The true meaning of life is to plant trees, under whose shade you do not expect to sit.– Nelson Henderson
One of the perils of living an imprudent life is that you fail to properly cultivate everything you have been entrusted with. In fact, many times you do not see that you have been entrusted things in the first place. Successive generations of this leads to a much weaker community and civilization, just as the failure to tend to a garden leads to lesser (or no!) fruits during the harvest. The proper care for these things, stewardship, is critical for the success of us as individuals and communities.
In order to be prudent stewards of what we have been given, we must first realize that we have, in fact, had things bestowed upon us. It is easy to relegate stewardship to the realm of personal finance, yet that is merely one area that we must exercise wise action in. Take time to think about your roles in life – that is where you will find areas to practice virtuous stewardship. If you are a husband, you are entrusted with the care of your wife and household. If you are a manager, you are entrusted with the bottom line of a company and the well-being of her workers. If you are none of these things, you are nevertheless entrusted with the care and appearance of your broader community.
I may be in the minority on this next point, but once you have discovered the true extent of your stewardship, you must then give thanks for each of them. Gratitude is a term often misunderstood in modern times. It’s typically seen as a state, a feeling of goodwill. That cannot be further from the truth. Nowhere in the Bible or Church Fathers,in Classical or Medieval Philosophy do we see this call to merely feel gracious; instead, we find ourselves called to give thanks. This distinction is critical because we must recognize that living a good life is not dependent on our feelings. Living prudently requires decisive action.
To give thanks for something is to realize what Boethius learned the hard way in his Consolation of Philosophy: ol’ Fortuna bestoweth and she also taketh away. Whether what we have stewardship over is bestowed upon us (our life, community roles, etc.) or we participate in its acquisition (our children and spouse, our job and financial oversight, etc), we can lose these precious things in an instant just as Job did. The act of giving thanks is the act of recognizing the value of what we have stewardship over. This simple deed, done consistently, can be the difference between good stewardship and poor stewardship.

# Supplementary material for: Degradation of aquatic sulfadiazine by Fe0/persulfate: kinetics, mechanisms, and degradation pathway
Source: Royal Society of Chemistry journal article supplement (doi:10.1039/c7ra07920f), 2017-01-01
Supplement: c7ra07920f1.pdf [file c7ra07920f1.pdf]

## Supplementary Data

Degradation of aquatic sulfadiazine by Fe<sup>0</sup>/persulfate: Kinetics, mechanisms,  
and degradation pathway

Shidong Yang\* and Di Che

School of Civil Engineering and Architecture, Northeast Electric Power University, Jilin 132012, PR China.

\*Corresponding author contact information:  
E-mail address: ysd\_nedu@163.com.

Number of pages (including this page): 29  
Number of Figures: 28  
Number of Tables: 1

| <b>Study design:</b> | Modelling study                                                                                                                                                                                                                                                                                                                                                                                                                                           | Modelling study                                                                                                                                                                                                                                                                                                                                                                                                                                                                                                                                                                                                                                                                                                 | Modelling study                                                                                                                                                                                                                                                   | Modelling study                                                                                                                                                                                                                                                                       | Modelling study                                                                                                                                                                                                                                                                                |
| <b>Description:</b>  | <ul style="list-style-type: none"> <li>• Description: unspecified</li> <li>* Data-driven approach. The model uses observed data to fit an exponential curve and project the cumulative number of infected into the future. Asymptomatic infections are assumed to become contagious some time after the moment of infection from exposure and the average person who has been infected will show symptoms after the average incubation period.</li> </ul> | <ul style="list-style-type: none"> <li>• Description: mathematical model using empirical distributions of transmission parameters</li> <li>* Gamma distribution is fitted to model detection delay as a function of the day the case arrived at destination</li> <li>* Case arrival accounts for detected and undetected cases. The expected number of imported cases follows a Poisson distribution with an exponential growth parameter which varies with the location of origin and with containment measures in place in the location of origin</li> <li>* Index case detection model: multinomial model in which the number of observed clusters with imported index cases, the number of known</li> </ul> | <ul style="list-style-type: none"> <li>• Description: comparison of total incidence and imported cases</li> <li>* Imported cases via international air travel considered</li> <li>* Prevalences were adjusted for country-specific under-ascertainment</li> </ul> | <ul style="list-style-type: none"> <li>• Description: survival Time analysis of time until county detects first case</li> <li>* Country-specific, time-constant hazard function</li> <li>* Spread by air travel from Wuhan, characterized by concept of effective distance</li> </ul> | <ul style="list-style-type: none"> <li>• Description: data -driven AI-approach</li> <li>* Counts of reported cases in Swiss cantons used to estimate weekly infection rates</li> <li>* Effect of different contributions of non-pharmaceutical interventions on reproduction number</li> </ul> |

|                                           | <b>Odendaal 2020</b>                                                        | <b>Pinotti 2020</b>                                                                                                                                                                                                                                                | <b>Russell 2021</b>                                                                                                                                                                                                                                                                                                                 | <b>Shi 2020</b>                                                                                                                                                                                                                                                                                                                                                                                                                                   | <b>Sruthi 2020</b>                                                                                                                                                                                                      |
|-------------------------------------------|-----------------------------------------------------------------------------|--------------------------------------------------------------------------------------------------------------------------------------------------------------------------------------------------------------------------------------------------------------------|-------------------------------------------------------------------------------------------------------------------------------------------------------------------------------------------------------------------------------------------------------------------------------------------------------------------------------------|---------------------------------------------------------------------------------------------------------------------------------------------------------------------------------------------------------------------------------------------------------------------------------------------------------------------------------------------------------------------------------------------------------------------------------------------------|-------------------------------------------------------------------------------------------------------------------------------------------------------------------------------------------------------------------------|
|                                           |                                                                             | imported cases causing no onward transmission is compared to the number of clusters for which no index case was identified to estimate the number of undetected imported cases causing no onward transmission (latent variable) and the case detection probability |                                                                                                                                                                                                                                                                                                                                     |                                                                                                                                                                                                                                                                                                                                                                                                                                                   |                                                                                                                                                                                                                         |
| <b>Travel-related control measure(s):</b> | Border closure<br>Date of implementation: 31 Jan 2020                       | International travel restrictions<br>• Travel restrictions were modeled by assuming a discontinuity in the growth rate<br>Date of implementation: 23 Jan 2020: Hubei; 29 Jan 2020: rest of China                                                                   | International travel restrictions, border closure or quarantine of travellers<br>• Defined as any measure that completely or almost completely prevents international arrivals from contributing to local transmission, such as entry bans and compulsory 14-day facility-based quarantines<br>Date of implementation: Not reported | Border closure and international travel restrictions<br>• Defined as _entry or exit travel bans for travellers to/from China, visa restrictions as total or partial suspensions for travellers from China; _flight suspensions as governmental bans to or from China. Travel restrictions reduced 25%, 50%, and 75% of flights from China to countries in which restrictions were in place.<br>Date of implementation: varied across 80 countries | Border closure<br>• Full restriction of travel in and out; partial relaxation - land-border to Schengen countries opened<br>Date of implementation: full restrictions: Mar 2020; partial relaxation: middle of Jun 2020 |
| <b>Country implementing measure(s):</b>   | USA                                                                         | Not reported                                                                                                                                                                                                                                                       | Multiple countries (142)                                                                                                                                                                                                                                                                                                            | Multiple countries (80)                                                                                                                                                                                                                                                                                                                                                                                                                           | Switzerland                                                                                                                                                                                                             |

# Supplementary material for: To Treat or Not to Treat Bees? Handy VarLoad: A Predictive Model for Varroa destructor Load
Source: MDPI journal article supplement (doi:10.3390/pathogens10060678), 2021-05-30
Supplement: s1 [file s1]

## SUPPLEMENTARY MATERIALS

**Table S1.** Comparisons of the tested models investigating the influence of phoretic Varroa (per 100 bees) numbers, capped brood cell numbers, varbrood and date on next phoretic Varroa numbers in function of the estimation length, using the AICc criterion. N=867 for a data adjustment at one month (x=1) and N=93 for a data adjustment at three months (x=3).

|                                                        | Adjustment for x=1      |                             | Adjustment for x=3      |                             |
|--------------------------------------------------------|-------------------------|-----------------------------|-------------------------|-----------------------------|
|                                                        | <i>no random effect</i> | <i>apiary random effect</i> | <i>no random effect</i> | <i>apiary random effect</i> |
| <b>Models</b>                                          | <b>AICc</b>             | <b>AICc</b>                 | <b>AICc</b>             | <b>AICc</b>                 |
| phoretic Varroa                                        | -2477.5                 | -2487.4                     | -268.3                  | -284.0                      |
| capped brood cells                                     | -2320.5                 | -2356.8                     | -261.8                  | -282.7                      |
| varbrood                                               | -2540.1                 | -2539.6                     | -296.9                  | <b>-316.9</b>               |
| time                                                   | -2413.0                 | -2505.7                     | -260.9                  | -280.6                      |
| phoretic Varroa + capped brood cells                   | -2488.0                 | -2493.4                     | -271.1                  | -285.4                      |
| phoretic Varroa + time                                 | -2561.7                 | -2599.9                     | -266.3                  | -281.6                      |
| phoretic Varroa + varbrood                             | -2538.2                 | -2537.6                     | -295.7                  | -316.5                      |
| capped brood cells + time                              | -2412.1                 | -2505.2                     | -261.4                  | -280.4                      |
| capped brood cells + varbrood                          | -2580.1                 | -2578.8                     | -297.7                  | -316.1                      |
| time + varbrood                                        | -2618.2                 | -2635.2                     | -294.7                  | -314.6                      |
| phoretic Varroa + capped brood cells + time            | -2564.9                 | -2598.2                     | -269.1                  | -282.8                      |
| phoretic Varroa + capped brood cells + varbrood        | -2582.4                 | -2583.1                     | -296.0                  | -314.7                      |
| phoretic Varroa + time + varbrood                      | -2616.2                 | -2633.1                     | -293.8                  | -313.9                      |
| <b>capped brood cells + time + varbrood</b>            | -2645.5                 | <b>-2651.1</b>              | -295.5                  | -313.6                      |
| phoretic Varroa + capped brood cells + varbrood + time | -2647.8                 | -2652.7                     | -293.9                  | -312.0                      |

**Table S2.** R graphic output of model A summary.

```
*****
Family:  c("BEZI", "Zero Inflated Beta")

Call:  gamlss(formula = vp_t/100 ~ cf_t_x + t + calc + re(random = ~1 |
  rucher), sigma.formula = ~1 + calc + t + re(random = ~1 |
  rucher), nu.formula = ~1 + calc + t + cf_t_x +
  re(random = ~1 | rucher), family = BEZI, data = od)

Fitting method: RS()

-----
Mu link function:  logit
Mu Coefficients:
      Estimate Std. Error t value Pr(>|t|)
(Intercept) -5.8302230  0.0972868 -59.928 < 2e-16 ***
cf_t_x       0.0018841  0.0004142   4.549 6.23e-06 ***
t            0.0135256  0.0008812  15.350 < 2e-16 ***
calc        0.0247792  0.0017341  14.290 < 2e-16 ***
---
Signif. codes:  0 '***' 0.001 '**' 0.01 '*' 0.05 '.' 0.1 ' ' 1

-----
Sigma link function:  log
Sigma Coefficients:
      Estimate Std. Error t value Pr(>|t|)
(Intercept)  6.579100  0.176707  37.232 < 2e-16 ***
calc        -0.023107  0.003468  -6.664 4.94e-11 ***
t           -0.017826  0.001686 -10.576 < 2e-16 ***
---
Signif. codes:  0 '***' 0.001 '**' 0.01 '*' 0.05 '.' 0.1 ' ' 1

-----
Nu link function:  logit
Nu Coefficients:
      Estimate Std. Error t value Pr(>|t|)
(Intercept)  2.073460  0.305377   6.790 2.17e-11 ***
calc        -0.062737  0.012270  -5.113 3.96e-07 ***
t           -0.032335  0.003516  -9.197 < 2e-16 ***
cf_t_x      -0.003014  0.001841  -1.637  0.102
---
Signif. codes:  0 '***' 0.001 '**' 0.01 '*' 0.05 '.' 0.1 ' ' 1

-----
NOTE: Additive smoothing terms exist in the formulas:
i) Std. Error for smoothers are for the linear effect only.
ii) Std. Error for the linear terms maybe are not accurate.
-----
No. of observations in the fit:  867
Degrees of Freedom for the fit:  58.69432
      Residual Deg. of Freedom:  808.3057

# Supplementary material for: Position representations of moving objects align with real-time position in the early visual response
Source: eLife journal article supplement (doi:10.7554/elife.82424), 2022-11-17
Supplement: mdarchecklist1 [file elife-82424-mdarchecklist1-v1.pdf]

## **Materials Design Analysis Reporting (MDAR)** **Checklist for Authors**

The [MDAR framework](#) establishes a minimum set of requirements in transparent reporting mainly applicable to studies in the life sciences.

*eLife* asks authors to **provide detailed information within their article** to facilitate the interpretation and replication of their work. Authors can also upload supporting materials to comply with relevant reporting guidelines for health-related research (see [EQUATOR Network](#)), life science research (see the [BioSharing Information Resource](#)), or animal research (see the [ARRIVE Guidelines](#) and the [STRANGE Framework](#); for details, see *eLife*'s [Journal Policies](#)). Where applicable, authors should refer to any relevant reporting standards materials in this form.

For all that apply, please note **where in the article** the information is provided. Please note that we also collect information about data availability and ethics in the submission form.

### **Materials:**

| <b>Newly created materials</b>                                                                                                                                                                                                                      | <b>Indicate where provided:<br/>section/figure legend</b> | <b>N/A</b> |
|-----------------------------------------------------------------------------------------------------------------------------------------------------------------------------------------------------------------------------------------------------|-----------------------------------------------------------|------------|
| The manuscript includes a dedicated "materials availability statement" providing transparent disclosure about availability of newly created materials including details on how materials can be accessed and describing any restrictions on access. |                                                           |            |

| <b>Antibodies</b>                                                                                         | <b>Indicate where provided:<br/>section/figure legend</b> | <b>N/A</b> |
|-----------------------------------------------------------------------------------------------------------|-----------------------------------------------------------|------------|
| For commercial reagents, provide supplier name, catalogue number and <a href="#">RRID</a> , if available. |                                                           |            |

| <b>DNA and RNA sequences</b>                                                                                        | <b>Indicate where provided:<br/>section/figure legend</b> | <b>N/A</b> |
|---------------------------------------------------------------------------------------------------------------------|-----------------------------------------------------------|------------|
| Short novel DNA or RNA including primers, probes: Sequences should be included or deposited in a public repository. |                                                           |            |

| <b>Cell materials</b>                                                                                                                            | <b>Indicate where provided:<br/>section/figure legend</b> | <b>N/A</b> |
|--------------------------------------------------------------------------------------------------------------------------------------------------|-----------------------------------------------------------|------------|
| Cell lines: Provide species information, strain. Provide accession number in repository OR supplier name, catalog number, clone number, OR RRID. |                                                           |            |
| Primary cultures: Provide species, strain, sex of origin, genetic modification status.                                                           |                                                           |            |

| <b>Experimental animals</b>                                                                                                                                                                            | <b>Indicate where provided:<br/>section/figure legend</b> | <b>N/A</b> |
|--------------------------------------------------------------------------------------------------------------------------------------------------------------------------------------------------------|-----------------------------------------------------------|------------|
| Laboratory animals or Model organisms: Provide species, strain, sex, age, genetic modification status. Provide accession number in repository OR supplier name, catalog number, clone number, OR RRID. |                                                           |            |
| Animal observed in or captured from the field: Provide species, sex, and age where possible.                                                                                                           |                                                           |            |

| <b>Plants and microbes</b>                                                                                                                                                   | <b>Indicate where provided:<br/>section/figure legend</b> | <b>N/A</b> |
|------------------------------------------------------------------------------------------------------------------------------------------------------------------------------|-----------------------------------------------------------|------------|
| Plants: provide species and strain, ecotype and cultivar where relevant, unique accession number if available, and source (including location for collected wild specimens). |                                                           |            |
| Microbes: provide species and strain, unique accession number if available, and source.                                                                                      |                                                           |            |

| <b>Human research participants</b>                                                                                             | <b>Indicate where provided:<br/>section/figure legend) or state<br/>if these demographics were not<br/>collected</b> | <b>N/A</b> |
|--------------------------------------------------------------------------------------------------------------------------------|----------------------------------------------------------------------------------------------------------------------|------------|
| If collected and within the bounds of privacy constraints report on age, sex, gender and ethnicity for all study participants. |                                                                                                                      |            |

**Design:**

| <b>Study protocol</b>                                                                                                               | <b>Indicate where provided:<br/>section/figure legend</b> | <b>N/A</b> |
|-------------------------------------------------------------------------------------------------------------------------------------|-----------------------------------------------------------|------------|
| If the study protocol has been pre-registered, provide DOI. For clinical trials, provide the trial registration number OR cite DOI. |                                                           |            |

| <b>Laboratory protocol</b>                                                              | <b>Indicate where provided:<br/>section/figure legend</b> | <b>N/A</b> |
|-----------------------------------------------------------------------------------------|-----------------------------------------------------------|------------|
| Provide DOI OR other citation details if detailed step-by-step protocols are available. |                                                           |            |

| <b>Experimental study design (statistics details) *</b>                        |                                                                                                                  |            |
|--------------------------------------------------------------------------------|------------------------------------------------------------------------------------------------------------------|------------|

So, if stewardship is something whose well-being we have control over and is something that does or should have value for us, is there anything else that separates good stewards from poor stewards? Yes. Ultimately, good stewardship depends on humility.
To be a humble steward means two things. First, that we cast off selfishness and put the well-being of others before our own. A good, prudent steward is a person who recognizes that he must sacrifice time, energy and resources for the benefit of others. He must tend the garden and plant the trees whose fruit he will not benefit from. This is not only a prudent decision, as to be done well it takes wisdom and decisive action – it is a decision made out of love.
Secondly, it means that you realize that you are not truly the owner over these things entrusted to you. The definition of a steward is one who manages or is responsible for certain people or items. He is not the owner but rather than manager, but the guardian, the caretaker, the teacher. The steward is one given the clay and must transform it into beautiful pottery for the buyer. This is a difficult thing to accept sometimes. There are moments when we desire the pottery, when we desire to be the sole owner and reap the rewards. This is fallacious thinking though, as we are not able to carry what we own with us after we repose. We may not even be able to carry what we own with us to the end of our life, for Fortune does not discriminate. We will ultimately not be judged by God in heaven or our peers on earth not by what we grasped at and hoarded but by how we transformed and bettered the hand that we were given.
Stewardship links us all together from generation to generation. If all that matters to you is your own bottom line or well-being, your children will suffer. Your family will suffer. Your community will suffer. To believe that we can, as a society and civilization, exist as islands that are motivated solely by self-interest is not only to fail to improve on what we’ve been handed but to tarnish it. Stewardship is to participate in a civilization-building process that leaves future generations better than ours in addition to leaving your soul better off than it previously was.I wish I could provide a more in-depth guide to being a good, prudent steward. Unfortunately, I cannot for my own feebleness prevents me from being as thorough. More importantly, as we mentioned in our prudence episodes, there is not a simple guide for every situation. You, the reader and virtuous actor-in-training, must flex your prudence muscles and learn to make the best decision by applying practical wisdom.
About The Vital Masculinity Project
Our goal is to restore classical masculinity by encouraging men to pursue virtue and brotherhood. While there are many competing voices on manliness today, most have forgotten this foundation of character while instead focusing on externals. We strive to provide practical steps for all men to begin their journey to becoming virtuous. Visit our Journal for reflections virtue and manliness or check out our podcast on Apple Podcasts, Spotify, or any of your other favorite podcast providers to listen to rich conversations about them.